Second fear imprint period

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Affects dogs usually between 8th and 14th month of their lives. Often corresponds to the growth spurts. And I have never seen a better example of it in real life than Brian. My confident little boy can suddenly get frightened out of his mind by a leaf, a piece of rubbish and, of course, people. Thirty seconds later he’s back to being a happy puppy, playful and obedient.

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I make sure I don’t increase the fear by reacting to his irrational behaviour in the most natural way: by getting startled or frustrated myself. I usually say ‘silly Brian, there’s nothing to be scared of’ in a monotone, if anything: being cheerful rather than soothing. I keep him close -on the lead- we stop and wait till he’s fine enough to be stroked on his chest (‘that’s better’ signal). I would never use force with any of my dogs, but in Brian’s case that would put him off training for life. And it would guarantee the lack of trust – he does not trust people as it is, so force would just confirm his worst fears. I try to increase his confidence while training and playing, making sure at the same time that there are rules that need to be followed (chewing on other puppies ears stops the play, jumping at me means I turn around and walk away without looking at him). I ask people not to approach (or touch) him but I encourage him to interact with people -sniff at them, take treats from them or even just be calm around them. Easy it is definitely not. But it’s vital that anything I do with Brian now is done properly as he missed on the most vital human socialisation period (2nd to 3rd month of the dog’s life) and he might find it very hard to be around strangers for the rest of his life.

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All my dogs have been challenging (most of them much more than Brian) and in some strange, masochistic way it feels refreshing to have quite an ordinary puppy, with quite ordinary problems for which there are quite ordinary solutions.

 

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15 thoughts on “Second fear imprint period

  1. It’s so hard when they’re frightened not to make a fuss but it really makes them feel there IS something to be afraid of..I had to persuade the girls that the vacuum cleaner was all right really, just a bit loud…lovely post with some good, sensible pointers too x

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    1. thank you 🙂 I think there’s a lot of motherly feelings in you and you’d probably just want to cuddle and comfort Brian (he actually is really cuddly) 🙂 What’s more: I’m sure he’d LOVE that!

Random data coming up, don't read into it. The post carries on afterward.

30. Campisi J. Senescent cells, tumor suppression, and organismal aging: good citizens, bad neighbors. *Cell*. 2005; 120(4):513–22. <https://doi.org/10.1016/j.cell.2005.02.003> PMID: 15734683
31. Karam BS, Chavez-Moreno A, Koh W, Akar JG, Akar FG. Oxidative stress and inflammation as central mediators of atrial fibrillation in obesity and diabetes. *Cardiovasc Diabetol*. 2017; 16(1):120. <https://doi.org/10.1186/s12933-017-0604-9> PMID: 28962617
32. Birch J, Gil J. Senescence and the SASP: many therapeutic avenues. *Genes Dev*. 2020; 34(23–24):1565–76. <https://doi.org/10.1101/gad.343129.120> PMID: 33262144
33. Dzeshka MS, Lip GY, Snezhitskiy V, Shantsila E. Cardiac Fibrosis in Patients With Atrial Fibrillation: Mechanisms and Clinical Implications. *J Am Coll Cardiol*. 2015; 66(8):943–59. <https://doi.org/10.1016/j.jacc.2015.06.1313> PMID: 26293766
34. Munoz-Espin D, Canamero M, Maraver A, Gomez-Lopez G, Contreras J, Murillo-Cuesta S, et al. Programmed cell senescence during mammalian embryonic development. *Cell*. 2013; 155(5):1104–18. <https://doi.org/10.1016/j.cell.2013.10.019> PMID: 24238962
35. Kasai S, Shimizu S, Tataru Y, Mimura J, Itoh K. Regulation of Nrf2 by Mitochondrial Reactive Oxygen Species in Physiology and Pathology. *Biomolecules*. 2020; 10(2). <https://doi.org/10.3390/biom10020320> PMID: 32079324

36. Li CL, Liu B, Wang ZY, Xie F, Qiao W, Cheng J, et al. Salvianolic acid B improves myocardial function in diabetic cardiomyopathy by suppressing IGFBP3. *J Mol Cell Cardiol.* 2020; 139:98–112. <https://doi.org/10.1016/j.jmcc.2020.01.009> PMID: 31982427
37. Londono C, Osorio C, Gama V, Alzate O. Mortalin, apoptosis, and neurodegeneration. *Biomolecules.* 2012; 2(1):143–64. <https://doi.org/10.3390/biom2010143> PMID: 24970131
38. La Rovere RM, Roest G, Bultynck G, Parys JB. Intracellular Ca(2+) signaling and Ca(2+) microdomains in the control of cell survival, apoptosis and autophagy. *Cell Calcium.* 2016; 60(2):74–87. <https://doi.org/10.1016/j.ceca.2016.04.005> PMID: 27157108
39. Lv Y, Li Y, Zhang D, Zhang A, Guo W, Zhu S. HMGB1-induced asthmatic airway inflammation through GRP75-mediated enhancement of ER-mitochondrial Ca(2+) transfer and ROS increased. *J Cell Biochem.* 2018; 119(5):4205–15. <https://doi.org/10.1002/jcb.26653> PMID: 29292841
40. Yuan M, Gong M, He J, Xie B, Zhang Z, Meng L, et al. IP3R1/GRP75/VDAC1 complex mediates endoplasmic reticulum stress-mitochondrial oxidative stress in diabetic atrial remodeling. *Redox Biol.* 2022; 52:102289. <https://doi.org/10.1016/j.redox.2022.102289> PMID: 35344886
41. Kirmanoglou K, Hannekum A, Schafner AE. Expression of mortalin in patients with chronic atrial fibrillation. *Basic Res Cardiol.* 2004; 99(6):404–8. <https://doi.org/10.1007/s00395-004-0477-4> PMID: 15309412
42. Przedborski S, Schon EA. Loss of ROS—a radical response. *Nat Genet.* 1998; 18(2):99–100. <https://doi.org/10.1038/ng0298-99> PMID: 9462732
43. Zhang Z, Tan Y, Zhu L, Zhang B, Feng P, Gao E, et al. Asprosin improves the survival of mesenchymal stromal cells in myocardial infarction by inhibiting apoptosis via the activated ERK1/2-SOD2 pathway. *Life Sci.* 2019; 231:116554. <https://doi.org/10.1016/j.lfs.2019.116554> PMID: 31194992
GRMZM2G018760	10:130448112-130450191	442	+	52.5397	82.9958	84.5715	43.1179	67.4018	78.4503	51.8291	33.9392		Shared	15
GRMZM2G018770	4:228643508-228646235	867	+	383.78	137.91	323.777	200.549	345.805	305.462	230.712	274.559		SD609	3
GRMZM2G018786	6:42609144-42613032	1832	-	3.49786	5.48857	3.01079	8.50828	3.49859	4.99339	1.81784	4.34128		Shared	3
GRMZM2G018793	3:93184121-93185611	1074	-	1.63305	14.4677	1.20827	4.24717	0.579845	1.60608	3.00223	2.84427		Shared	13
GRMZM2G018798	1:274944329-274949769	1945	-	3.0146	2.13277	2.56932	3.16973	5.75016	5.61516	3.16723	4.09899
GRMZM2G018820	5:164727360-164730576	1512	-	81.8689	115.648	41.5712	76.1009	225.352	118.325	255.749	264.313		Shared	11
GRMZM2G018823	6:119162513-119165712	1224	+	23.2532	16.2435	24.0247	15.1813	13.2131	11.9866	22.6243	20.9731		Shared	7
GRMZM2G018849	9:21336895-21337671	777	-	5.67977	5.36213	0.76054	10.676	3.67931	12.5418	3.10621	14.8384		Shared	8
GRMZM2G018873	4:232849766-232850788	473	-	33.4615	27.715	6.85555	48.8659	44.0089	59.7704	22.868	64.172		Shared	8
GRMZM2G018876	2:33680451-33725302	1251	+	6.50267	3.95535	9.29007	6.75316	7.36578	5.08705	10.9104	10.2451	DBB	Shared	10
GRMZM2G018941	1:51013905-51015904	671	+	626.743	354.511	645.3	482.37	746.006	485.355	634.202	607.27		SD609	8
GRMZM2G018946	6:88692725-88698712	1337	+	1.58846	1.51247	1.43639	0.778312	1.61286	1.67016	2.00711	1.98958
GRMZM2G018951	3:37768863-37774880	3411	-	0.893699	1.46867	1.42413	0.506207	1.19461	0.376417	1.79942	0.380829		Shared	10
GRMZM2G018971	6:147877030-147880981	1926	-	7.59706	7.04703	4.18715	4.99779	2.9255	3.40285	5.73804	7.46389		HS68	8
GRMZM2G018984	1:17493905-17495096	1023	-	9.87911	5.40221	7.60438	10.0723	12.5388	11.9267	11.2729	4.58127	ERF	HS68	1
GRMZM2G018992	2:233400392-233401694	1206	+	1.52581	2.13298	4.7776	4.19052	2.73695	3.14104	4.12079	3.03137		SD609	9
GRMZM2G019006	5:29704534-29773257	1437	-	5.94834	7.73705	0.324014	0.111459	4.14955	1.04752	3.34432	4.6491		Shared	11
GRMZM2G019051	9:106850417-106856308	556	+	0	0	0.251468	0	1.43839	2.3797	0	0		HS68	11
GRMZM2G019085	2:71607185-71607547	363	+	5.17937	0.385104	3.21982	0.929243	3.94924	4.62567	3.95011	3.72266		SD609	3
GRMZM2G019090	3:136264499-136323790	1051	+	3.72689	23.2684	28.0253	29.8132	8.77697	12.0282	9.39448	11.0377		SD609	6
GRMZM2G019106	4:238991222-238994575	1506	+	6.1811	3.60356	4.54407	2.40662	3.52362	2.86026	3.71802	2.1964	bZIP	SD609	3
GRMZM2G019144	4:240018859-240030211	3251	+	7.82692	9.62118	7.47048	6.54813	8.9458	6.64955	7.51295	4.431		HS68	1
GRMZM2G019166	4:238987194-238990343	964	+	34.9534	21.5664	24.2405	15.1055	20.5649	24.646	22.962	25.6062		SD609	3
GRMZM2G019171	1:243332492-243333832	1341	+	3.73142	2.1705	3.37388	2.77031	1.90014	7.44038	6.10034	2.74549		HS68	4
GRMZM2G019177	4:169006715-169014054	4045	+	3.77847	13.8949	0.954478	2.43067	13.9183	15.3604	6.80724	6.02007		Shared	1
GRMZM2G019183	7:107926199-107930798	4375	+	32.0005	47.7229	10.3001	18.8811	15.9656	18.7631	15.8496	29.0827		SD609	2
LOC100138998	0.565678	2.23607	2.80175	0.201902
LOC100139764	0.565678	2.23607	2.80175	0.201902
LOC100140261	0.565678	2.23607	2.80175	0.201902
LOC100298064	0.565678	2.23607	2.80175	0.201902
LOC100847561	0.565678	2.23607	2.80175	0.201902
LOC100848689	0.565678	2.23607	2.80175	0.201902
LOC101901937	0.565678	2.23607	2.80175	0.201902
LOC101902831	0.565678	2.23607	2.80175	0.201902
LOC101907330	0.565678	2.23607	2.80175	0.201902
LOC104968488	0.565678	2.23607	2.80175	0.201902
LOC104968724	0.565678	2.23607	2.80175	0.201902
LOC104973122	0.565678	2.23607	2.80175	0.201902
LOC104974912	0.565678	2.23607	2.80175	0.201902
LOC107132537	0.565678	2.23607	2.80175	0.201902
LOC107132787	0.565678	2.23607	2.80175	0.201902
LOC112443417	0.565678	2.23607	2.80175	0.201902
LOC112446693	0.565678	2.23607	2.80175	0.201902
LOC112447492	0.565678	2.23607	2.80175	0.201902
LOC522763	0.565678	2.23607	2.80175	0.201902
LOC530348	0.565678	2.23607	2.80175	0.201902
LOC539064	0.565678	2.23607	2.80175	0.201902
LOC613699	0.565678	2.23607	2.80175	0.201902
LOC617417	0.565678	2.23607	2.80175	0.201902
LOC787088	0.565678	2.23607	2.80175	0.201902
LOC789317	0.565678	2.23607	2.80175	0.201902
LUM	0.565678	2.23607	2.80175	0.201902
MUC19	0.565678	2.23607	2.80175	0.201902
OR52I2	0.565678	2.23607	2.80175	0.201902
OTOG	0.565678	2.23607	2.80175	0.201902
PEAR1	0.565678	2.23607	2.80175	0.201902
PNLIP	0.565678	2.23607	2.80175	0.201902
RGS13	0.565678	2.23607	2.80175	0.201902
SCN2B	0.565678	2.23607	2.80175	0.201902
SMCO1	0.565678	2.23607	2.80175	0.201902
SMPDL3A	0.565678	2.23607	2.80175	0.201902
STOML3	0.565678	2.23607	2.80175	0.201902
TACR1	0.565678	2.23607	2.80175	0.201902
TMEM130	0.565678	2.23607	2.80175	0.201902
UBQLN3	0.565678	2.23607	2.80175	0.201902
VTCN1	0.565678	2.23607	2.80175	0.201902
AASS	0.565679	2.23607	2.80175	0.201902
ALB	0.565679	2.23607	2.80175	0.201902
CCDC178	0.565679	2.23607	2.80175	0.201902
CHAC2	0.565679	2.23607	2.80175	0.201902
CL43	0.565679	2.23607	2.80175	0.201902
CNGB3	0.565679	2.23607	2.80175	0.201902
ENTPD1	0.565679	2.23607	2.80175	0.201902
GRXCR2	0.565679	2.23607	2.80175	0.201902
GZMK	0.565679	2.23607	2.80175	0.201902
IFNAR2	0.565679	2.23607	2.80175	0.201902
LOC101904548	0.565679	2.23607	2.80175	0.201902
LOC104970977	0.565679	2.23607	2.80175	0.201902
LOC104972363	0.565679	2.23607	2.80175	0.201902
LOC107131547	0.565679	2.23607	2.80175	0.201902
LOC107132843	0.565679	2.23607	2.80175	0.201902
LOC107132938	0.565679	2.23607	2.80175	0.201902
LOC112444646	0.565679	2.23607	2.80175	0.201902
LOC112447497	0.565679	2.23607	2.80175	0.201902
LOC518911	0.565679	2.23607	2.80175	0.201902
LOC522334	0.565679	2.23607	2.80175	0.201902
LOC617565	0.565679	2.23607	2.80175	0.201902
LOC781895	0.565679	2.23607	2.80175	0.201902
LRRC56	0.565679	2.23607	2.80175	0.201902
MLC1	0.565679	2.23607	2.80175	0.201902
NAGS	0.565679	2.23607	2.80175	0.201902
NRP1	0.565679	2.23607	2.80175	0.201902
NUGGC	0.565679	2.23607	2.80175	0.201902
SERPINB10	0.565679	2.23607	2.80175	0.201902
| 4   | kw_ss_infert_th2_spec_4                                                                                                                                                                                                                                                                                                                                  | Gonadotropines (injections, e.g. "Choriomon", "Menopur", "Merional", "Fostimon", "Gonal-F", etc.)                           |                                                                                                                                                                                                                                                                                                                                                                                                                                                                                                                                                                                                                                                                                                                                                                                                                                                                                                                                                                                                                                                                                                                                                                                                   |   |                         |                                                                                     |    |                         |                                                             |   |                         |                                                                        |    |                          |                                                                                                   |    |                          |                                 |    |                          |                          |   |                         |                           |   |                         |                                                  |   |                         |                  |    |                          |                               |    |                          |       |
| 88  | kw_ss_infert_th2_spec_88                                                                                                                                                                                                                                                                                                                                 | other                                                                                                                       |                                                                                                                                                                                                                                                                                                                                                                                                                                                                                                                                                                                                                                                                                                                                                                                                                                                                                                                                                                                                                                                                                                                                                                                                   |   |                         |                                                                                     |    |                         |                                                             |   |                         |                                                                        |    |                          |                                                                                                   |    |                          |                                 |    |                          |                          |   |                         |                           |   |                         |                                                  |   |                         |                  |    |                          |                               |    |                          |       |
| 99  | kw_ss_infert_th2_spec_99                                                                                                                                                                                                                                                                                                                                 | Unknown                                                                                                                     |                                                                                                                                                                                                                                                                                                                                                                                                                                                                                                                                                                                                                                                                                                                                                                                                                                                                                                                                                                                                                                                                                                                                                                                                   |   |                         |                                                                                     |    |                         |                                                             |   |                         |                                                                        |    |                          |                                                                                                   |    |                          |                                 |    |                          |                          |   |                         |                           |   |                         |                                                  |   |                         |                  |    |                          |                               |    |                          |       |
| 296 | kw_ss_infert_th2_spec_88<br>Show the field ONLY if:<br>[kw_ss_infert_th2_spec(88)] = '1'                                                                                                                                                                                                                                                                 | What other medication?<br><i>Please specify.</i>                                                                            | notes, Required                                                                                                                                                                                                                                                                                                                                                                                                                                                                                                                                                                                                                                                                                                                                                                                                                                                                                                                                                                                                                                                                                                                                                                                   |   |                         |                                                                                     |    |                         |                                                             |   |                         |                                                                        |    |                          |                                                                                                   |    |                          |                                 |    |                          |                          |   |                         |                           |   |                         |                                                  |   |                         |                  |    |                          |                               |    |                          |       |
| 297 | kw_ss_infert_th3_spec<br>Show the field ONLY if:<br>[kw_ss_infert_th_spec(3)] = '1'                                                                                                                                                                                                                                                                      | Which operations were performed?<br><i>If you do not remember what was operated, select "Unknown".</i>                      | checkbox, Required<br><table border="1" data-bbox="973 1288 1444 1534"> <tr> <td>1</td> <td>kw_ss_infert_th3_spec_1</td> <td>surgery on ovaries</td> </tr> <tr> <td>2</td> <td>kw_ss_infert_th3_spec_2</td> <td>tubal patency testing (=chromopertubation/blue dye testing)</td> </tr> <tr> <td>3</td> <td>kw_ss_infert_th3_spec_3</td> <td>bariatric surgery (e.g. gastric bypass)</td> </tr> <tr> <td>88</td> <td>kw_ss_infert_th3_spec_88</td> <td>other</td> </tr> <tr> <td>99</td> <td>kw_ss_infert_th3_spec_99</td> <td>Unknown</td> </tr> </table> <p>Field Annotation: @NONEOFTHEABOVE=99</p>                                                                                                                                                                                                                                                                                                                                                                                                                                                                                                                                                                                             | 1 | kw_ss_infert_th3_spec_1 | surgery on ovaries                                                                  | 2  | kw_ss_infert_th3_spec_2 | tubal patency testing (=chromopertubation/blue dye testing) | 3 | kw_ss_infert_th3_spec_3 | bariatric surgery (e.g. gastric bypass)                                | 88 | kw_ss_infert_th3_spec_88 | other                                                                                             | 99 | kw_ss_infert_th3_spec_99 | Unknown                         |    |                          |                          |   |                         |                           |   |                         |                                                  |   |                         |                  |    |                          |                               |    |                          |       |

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  2. hello brian its dennis the vizsla dog hay i am glad to heer yoo ar handling yore feer peeryud wel i am shoor that yoo wil grow up to be a gud brayv boy just like my brother tucker and my sister trixie!!! umm wel trixie wuz not a brayv boy she wuz a brayv girl but yoo no wot i meen!!! ok bye

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  3. Sounds to me like you’re doing everything right. The best thing is that you are not nurturing the anxiety. Keep up the great work – and trust that Brian will eventually figure out that nothing bad will happen to him when he’s with you. 🙂

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    1. He’ll be fine-after just a few days it’s getting better. Some sources quote as many as 4 ‘fear periods’-so I do expect some surprises in the nearest weeks, but we’ll work on it 🙂 Thank you for reading and commenting 🙂

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    1. I use papers from universities doing research (just ask, they are very helpful) Portsmouth (but Yale and Duke both have canine cognition studies, too). Alexandra Horowitz books are good, though technically, they don’t deal with behavioural problems.Anything by Miklosi is always informative. My favourite authors are rather popular (John Fisher, Ian Dunbar, Stanley Coren, Brian Hare) but for the newest research it’s better to follow the scientific research -most is available online (if not, ask, they really are helpful). I have an old list, but google helps (‘dog cognition/psychology research’)
      This one needs updating, but here you go: http://www.patriciamcconnell.com/theotherendoftheleash/whos-doing-research-on-canine-cognition

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      1. When I did my PhD I’d have been happy to share my papers (that was my thinking behind the idea). Most Universities are very friendly 🙂

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    2. And, funnily enough, this branch of science is so new, that we’ll probably learn more in the next five years than we’ve done so far…
      My book would be rubbish-I just write about my dogs, like millions of other people. But I’m not naive enough to forget that it’s my love that makes them special to me (it’s like parents going on and on about their kids…I do the same, just swapping kids for dogs). I am extremely flattered by your comment, nonetheless 🙂 x

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